Adaptive Main Memory Compression
Title: Adaptive Main Memory Compression
Irina Chihaia Tuduce and Thomas Gross
Applications that use large data sets frequently exhibit poor performance because the size of their working set exceeds the available physical memory. As a result, these applications suffer from excess page faults and ultimately exhibit thrashing behavior. For some applications, compression offers a way to reduce the number of page faults that must be serviced from the disk. We describe here a system that can be implemented with a small number of kernel changes.
The key idea to exploit the benefits of memory compression is to adapt the allocation of real (physical) memory between uncompressed and compressed pages without user involvement. The system manages its resources dynamically on the basis of the varying demands of each application and also on the situational requirements that are data dependent. The technique used to localize page fragments in the compressed area allows the system to reclaim or add space easily if it is advisable to shrink or grow the size of the compressed area.
The design is implemented in Linux, runs on both 32-bit and 64-bit architectures, and has been demonstrated to work in practice under complex workload conditions and memory pressure. The benefits from our approach depend on the relationship between the size of the compressed area, the application’s compression ratio, and the access pattern of the application. For a range of benchmarks and applications, the system shows an increase in performance by a factor of 1.3 to 55.
Thomas R. Gross is a Professor of Computer Science at ETH Zurich, Switzerland. He is the head of the Computer Systems Institute, from 1999-2004 he was the deputy director of the NCCR on on “Mobile Information and Communication Systems”, a research center funded by the Swiss National Science Foundation. He is also an Adjunct Professor in the School of Computer Science at Carnegie Mellon University.
Thomas Gross joined CMU in 1984 after receiving a Ph.D. in Electrical Engineering from Stanford University. In 2000, he became a Full Professor at ETH Zurich. He is interested in tools, techniques, and abstractions for software construction and has worked on many aspects of the design and implementation of programs. To add some realism to his research, he has focussed on compilers for uni-processors and parallel systems and has contributed to many areas of compilation (code generation, optimization, debugging, partitioning of computations, data parallelism and task parallelism). Compilers are also interesting systems that illustrate the use of many concepts to structure programs (frameworks, patterns, components). Compilers require a good cost-model of the target environment (e.g., to make space-time tradeoffs) but recent systems have become so complex that simple models no longer suffice. In his current research, Thomas Gross and his colleagues investigate network- and system-aware programs — i.e. programs that can adjust their resource demands in response to resource availability.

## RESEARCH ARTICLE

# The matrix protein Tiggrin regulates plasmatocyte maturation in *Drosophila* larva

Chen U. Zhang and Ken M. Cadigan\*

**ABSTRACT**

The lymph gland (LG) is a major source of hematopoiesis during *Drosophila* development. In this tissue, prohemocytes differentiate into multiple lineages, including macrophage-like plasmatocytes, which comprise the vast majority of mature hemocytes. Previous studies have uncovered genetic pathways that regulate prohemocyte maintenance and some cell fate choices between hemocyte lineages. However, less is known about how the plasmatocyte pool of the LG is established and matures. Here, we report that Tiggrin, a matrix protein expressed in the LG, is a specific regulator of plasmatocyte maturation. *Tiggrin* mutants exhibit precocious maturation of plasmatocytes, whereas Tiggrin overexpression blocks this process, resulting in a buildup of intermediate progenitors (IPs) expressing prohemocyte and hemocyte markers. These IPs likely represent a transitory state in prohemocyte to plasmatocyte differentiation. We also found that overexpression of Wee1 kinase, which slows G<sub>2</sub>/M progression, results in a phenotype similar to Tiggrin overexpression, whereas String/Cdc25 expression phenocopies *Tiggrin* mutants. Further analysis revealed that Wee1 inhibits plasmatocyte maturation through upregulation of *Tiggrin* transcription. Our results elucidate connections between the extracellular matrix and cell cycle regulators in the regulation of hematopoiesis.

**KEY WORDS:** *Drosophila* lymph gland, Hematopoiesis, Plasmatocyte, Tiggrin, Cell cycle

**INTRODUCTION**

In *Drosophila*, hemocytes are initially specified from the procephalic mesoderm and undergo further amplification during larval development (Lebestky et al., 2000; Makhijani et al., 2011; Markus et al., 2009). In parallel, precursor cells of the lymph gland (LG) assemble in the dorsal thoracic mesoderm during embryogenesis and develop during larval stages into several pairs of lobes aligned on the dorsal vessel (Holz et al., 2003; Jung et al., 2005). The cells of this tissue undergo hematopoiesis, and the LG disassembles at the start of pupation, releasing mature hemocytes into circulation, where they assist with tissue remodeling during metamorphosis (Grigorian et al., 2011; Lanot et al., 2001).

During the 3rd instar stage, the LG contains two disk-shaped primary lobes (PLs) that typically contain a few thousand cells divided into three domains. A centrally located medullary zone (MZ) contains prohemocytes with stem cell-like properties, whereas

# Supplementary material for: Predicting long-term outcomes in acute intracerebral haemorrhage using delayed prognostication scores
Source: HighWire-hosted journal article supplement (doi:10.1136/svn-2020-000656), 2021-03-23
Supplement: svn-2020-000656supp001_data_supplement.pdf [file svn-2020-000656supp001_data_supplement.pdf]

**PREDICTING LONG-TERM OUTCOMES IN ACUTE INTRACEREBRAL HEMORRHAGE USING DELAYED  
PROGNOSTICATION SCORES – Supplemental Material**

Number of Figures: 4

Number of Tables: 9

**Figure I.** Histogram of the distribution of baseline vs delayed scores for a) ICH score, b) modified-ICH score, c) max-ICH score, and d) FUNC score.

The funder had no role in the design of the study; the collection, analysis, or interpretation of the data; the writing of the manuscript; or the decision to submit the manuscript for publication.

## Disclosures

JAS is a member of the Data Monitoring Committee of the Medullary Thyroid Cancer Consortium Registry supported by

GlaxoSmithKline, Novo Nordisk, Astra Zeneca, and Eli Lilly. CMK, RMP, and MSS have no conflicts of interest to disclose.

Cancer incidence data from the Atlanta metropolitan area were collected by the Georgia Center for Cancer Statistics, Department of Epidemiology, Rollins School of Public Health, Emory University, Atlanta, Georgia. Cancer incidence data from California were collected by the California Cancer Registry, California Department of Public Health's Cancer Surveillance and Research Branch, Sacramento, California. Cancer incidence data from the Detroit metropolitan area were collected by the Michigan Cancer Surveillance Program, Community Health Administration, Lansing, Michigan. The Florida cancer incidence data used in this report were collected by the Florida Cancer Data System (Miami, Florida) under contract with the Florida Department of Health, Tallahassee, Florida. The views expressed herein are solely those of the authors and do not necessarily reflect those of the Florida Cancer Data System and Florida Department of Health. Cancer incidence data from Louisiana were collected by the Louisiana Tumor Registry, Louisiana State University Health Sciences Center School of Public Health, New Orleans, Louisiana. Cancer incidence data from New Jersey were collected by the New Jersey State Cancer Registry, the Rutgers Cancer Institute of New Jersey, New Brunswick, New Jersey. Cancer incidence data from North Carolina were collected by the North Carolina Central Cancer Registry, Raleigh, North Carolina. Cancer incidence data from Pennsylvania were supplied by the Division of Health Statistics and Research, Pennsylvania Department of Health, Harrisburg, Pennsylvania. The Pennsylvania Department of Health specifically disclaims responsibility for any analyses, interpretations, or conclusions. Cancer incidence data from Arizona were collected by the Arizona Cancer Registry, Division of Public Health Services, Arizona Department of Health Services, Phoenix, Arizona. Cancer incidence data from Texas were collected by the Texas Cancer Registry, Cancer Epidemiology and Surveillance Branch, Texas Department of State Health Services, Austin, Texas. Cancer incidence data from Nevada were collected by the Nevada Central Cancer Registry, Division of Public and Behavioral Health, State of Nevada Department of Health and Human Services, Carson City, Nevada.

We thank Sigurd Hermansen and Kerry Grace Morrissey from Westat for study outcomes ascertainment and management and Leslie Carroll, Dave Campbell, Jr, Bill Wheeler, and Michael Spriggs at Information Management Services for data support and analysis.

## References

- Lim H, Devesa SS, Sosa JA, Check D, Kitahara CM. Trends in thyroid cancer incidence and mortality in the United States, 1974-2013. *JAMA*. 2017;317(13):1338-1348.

In addition to working on compilers, Thomas Gross has been involved in several projects that straddle the boundary between applications and compilers. And since many programs are eventually executed on real computers, He has also participated in the past in the development of several machines: the Stanford MIPS processor, the Warp systolic array, and the iWarp parallel systems. His current work in computer systems concentrates on networks.
Date: 2006-May-03 Time: 10:00:00 Room: Sala 905 (Sala Omega do POSI)
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